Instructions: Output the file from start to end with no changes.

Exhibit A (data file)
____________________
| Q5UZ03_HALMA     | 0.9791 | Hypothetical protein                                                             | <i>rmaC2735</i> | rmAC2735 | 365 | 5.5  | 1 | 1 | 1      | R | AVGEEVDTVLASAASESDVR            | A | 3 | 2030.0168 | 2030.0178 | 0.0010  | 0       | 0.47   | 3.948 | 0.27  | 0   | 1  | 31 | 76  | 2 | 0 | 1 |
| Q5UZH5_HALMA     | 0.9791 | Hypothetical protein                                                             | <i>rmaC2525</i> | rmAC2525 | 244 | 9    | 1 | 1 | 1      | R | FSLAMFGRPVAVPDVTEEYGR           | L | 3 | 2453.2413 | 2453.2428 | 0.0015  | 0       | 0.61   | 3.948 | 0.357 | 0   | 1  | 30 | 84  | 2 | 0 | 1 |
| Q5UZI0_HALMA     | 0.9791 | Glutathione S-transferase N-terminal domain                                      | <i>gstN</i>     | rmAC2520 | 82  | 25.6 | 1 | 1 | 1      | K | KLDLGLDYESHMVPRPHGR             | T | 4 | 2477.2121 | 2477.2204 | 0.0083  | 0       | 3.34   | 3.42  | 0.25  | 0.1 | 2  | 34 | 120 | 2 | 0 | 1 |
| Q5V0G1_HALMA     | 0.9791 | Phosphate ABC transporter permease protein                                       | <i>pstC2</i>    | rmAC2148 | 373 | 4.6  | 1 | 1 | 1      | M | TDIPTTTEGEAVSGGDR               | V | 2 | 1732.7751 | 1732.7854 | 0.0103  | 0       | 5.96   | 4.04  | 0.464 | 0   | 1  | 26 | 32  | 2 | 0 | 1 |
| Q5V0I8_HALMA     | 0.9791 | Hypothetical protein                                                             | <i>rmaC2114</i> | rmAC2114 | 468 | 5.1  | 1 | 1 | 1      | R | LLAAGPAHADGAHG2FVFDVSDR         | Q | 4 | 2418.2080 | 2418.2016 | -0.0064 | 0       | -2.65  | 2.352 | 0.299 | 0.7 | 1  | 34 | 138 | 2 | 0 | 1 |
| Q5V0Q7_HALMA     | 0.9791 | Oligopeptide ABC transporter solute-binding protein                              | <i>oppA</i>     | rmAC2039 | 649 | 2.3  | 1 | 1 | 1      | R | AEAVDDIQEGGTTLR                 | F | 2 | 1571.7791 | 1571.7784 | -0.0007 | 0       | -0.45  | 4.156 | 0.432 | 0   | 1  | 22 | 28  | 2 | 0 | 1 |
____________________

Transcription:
| Q5UZ03_HALMA     | 0.9791 | Hypothetical protein                                                             | <i>rmaC2735</i> | rmAC2735 | 365 | 5.5  | 1 | 1 | 1      | R | AVGEEVDTVLASAASESDVR            | A | 3 | 2030.0168 | 2030.0178 | 0.0010  | 0       | 0.47   | 3.948 | 0.27  | 0   | 1  | 31 | 76  | 2 | 0 | 1 |
| Q5UZH5_HALMA     | 0.9791 | Hypothetical protein                                                             | <i>rmaC2525</i> | rmAC2525 | 244 | 9    | 1 | 1 | 1      | R | FSLAMFGRPVAVPDVTEEYGR           | L | 3 | 2453.2413 | 2453.2428 | 0.0015  | 0       | 0.61   | 3.948 | 0.357 | 0   | 1  | 30 | 84  | 2 | 0 | 1 |
| Q5UZI0_HALMA     | 0.9791 | Glutathione S-transferase N-terminal domain                                      | <i>gstN</i>     | rmAC2520 | 82  | 25.6 | 1 | 1 | 1      | K | KLDLGLDYESHMVPRPHGR             | T | 4 | 2477.2121 | 2477.2204 | 0.0083  | 0       | 3.34   | 3.42  | 0.25  | 0.1 | 2  | 34 | 120 | 2 | 0 | 1 |
| Q5V0G1_HALMA     | 0.9791 | Phosphate ABC transporter permease protein                                       | <i>pstC2</i>    | rmAC2148 | 373 | 4.6  | 1 | 1 | 1      | M | TDIPTTTEGEAVSGGDR               | V | 2 | 1732.7751 | 1732.7854 | 0.0103  | 0       | 5.96   | 4.04  | 0.464 | 0   | 1  | 26 | 32  | 2 | 0 | 1 |
| Q5V0I8_HALMA     | 0.9791 | Hypothetical protein                                                             | <i>rmaC2114</i> | rmAC2114 | 468 | 5.1  | 1 | 1 | 1      | R | LLAAGPAHADGAHG2FVFDVSDR         | Q | 4 | 2418.2080 | 2418.2016 | -0.0064 | 0       | -2.65  | 2.352 | 0.299 | 0.7 | 1  | 34 | 138 | 2 | 0 | 1 |
| Q5V0Q7_HALMA     | 0.9791 | Oligopeptide ABC transporter solute-binding protein                              | <i>oppA</i>     | rmAC2039 | 649 | 2.3  | 1 | 1 | 1      | R | AEAVDDIQEGGTTLR                 | F | 2 | 1571.7791 | 1571.7784 | -0.0007 | 0       | -0.45  | 4.156 | 0.432 | 0   | 1  | 22 | 28  | 2 | 0 | 1 |